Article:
Muzeum Ziemi


Museum’s history

The Museum of the Earth was founded on public initiative. In 1931, a group of outstanding geologists established the Museum of the Earth Society with the intention to open a modern geological museum (Museum of the Earth) in Warsaw, as an educational and scientific institution. The status of the Society was ratified on March 30th 1932 and this date is considered as the Museum’s official birthday.

The Museum of the Earth in Warsaw was established in 1948 and has since then been continuing the tradition initiated by the Museum of the Earth Society. The Museum has been operating within the structure of the Polish Academy of Sciences since 1959.

First geological collections were gathered in 1933. Books and other materials on the history of the geological sciences, collected by Tadeusz Wiśniowski (1865–1933), gave rise to the library and archives. The Society’s official periodical Wiadomości Muzeum Ziemi (News of the Museum of the Earth – Polish Geological Magazine) was first published in 1938.

In 1937, encouraged by the successful development of the Museum of the Earth Society, the authorities appointed the Founding Commission of the Geological Museum in Warsaw. Unfortunately, its activity was interrupted by the outbreak of war in 1939. In August 1945, the Society resumed its functioning. At first it had to preserve and arrange what was left of the collection after the war. In 1947, the Society’s Council decided to present all its property and collections to the State provided that the State Museum of the Earth is founded. On June 9th 1948, the Government announced its decision to establish the Museum of the Earth as a state institution subordinated to the Ministry of Education. The museum was intended to carry out “scientific research, propagate knowledge in geological sciences and expand the collections associated with Earth sciences from all over the world”.

The organization of the museum was lead by its initiator and first director (1948-1950) Stanisław Małkowski as well as by his deputy and successor Antonina Halicka who managed this institution for 24 years from 1950 to 1973. The collections were expanded and enriched. Moreover, intensive field studies along with educational and editorial activity were developed.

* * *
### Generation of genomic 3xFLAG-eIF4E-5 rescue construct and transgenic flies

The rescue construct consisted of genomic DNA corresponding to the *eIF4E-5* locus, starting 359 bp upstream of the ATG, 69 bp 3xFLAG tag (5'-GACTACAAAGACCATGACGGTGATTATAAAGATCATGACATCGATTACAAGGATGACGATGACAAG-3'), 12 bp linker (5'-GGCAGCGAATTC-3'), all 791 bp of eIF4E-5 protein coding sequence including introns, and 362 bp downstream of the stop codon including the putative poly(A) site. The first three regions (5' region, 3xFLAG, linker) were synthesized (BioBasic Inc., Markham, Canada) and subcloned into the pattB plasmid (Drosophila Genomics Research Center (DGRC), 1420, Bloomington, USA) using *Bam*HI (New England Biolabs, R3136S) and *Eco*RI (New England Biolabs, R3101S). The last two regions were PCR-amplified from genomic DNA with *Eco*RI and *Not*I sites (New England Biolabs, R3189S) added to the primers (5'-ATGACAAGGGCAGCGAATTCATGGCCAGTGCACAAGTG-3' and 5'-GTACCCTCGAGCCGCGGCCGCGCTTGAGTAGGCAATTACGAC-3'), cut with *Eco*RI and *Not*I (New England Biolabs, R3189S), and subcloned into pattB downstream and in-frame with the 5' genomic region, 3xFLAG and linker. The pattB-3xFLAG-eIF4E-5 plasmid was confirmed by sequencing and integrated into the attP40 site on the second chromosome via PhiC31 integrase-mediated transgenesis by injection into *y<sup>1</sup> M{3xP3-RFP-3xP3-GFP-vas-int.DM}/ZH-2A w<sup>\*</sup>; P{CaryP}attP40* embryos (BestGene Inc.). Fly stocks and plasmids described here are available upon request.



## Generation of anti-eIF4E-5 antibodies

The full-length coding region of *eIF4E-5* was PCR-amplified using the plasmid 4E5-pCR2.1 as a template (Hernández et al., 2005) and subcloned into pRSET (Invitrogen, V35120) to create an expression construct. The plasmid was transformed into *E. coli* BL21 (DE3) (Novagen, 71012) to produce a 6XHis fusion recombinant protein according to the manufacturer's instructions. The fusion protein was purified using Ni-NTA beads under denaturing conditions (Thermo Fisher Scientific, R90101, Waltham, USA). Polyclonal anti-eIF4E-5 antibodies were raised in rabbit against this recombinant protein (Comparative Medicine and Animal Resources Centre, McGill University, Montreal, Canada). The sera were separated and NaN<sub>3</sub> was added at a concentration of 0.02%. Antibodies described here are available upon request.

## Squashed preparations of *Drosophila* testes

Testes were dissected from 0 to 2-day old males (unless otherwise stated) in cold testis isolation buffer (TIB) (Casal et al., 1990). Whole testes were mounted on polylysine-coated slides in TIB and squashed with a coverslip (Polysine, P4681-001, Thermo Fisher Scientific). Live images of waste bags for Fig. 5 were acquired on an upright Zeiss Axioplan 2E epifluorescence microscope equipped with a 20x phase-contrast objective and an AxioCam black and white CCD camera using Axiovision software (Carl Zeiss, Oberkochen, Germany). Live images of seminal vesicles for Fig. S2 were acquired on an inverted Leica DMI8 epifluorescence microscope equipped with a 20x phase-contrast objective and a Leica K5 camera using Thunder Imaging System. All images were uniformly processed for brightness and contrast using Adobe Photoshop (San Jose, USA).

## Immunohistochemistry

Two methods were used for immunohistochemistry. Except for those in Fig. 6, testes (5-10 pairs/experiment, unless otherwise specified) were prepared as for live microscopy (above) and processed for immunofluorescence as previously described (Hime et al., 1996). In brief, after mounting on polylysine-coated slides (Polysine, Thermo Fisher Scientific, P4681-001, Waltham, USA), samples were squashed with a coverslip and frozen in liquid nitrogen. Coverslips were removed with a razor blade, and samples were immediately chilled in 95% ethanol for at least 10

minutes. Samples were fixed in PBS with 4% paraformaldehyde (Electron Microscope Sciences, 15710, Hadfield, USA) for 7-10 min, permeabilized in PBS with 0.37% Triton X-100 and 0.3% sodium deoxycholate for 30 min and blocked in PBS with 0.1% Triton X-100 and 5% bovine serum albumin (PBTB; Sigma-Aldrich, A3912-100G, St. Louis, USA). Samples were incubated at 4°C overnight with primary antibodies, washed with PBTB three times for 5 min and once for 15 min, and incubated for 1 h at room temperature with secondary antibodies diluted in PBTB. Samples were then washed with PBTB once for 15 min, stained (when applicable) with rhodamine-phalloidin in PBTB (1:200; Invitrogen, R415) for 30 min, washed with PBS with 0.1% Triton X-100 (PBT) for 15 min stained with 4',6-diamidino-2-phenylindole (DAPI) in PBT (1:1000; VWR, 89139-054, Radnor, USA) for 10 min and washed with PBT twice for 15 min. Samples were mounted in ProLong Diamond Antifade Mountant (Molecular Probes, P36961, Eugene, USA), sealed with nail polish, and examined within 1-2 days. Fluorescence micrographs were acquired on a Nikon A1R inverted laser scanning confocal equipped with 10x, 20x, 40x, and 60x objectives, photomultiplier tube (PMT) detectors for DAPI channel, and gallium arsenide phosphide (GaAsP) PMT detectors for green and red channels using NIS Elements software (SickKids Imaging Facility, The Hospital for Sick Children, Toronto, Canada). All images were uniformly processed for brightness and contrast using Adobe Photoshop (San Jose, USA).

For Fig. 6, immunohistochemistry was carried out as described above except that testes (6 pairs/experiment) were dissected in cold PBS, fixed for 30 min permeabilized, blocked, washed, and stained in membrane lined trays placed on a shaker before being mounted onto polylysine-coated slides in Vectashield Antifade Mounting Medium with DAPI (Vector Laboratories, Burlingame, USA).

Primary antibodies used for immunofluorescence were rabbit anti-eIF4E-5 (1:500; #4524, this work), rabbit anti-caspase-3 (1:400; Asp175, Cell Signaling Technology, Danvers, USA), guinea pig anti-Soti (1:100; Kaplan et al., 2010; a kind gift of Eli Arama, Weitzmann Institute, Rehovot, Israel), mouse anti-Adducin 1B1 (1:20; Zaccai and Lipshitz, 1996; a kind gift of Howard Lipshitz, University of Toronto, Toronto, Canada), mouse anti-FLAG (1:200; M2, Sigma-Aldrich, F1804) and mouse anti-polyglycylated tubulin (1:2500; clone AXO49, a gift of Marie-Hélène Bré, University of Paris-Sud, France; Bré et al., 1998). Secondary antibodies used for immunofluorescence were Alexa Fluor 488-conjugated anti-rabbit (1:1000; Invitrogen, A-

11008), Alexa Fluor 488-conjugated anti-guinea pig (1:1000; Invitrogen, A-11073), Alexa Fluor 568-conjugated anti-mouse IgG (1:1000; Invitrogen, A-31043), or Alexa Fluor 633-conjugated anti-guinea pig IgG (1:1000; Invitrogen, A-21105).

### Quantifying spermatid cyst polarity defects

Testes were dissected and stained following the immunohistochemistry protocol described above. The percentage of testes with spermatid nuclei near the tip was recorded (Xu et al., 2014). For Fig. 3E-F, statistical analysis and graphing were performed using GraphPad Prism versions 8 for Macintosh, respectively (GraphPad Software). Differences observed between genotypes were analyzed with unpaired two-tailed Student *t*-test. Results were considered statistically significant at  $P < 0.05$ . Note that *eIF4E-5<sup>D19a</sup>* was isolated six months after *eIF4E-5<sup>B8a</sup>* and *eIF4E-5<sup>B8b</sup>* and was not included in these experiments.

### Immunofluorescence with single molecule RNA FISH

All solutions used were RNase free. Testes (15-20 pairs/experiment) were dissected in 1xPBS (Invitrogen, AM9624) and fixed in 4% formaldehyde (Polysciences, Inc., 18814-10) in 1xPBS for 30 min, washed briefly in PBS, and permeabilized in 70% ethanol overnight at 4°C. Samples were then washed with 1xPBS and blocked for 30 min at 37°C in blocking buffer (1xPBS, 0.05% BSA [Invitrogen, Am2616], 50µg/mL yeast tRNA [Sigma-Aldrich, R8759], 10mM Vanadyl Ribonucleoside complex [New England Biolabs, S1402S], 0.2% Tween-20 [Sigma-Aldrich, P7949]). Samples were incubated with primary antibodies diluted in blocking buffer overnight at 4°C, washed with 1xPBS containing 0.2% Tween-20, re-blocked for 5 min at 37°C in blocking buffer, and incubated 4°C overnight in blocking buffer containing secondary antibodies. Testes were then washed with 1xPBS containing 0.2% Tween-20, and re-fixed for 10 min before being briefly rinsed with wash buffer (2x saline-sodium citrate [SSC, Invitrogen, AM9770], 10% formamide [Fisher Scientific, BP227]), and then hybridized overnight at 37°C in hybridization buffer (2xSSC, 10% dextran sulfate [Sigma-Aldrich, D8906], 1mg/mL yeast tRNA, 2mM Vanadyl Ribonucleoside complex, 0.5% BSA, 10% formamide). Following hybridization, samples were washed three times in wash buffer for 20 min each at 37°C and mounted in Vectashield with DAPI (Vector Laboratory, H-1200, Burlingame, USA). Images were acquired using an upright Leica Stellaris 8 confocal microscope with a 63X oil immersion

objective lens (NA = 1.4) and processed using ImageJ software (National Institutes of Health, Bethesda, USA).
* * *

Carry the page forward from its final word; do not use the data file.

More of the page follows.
In the years 1953-1959, following the loss of the status of an independent institution, the activity of the Museum subsided. It officially became part of the National Geological Institute.

However, in 1959 following the Government resolution of January 5th, in line with earlier proposals of the 1st Congress of Polish Science (1951), the institution was incorporated into the Polish Academy of Sciences. This important decision created favourable conditions for the Museum’s reconstruction, training and expansion of its staff and particularly for the implementation of its programme.

The Museum of the Earth is located in two historical buildings on Na Skarpie Avenue (20/26 and 27) in the centre of Warsaw, perched on the high Vistula river escarpment. History of both buildings is strongly connected with the development of the palace-garden complex called “On the Hill”, designed by the royal architect Szymon Bogumił Zug. The first building was a residence of Branicki and Lubomirski family. Destroyed during the World War II was rebuilt by the State’s Office of the Capital Reconstruction (Biuro Odbudowy Stolicy) for the Museum of the Earth.

The second building initially belonged to Prince Kazimierz Poniatowski, the brother of the last Polish king. In this building, in 1887, the first private Zoological Museum was established by Kazimierz Branicki. In 1935 preserved fragments of the old building were bought by the eminent architect Bohdan Pniewski, who reconstructed and remodelled the villa. Pniewski lived and worked there until the end of his life (1965). Purchased from his heirs in 1996, the villa was assumed by the Polish Academy of Sciences (PAS) and designed to hold the main offices of the PAS Museum of the Earth.

In this building there are well preserved unusual relics of the Warsaw Uprising (1944). On the marble steps of the stairs, the blood stains of unknown, injured insurgent perpetuated.